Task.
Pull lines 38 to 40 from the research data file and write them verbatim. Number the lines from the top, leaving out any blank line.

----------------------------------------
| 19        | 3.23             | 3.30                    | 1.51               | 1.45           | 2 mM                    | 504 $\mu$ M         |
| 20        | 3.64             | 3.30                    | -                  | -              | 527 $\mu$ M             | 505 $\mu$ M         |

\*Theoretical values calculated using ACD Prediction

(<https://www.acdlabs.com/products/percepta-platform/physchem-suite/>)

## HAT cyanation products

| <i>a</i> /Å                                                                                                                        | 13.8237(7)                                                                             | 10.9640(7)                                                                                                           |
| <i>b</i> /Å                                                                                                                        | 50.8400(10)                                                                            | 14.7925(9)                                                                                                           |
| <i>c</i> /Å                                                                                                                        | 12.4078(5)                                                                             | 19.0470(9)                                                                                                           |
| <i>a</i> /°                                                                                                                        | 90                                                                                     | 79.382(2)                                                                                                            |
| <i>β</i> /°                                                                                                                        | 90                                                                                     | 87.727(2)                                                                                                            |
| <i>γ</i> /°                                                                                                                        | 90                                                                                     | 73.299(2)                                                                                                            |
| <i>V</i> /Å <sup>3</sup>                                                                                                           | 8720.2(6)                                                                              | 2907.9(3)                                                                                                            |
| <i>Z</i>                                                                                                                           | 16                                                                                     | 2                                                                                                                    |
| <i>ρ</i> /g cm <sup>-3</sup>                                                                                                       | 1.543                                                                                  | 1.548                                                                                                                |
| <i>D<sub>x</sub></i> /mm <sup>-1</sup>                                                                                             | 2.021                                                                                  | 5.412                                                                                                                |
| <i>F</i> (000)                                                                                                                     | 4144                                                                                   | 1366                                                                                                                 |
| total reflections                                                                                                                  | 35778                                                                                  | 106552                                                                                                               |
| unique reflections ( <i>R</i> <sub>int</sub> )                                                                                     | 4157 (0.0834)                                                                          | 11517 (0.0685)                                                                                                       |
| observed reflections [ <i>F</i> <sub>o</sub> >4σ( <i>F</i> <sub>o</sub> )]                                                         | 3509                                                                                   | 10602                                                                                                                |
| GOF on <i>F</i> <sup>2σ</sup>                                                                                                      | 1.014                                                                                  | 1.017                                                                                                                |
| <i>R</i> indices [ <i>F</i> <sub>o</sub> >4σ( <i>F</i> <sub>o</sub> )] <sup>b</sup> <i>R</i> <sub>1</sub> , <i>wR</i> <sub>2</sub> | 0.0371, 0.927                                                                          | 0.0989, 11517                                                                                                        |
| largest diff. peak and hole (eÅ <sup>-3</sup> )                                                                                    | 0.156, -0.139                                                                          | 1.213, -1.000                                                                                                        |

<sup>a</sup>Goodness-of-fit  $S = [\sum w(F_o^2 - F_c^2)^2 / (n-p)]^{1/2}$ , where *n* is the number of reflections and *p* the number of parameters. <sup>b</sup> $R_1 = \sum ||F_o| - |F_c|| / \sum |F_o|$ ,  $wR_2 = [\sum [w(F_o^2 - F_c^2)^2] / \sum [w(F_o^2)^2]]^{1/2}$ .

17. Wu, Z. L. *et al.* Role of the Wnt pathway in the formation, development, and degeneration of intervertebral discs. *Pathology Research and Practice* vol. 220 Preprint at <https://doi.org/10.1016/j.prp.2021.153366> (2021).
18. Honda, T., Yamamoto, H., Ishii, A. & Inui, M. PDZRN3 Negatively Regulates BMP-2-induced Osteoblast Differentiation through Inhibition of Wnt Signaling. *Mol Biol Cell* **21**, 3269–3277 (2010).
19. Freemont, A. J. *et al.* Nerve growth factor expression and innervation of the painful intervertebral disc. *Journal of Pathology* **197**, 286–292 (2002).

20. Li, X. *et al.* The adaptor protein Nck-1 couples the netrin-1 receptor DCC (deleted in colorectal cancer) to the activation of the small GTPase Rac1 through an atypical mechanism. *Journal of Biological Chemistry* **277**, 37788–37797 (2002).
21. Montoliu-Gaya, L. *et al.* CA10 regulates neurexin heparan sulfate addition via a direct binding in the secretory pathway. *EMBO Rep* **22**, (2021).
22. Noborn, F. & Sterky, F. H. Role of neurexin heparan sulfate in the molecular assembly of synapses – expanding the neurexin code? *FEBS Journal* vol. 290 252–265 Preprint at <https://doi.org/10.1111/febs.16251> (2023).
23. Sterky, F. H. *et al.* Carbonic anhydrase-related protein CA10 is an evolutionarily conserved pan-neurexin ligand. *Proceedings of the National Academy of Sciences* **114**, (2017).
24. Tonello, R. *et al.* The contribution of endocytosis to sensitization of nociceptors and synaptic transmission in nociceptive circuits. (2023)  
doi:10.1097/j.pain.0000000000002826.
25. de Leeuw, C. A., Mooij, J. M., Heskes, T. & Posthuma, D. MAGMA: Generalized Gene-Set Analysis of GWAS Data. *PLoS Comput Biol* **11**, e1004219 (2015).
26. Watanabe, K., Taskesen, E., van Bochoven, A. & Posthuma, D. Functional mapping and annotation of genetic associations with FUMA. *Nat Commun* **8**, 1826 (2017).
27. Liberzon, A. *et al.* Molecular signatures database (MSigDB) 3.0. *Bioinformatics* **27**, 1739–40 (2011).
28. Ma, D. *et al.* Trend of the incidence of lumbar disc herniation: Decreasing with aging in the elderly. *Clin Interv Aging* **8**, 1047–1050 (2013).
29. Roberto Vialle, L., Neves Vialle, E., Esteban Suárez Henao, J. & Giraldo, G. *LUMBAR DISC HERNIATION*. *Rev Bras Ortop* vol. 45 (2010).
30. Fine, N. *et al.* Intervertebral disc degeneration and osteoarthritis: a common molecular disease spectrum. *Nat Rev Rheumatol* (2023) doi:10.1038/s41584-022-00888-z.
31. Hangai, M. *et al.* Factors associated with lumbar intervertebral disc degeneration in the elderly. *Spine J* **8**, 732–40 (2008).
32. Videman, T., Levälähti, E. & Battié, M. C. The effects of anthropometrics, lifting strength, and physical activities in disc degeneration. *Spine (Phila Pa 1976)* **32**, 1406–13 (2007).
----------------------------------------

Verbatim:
30. Fine, N. *et al.* Intervertebral disc degeneration and osteoarthritis: a common molecular disease spectrum. *Nat Rev Rheumatol* (2023) doi:10.1038/s41584-022-00888-z.
31. Hangai, M. *et al.* Factors associated with lumbar intervertebral disc degeneration in the elderly. *Spine J* **8**, 732–40 (2008).
32. Videman, T., Levälähti, E. & Battié, M. C. The effects of anthropometrics, lifting strength, and physical activities in disc degeneration. *Spine (Phila Pa 1976)* **32**, 1406–13 (2007).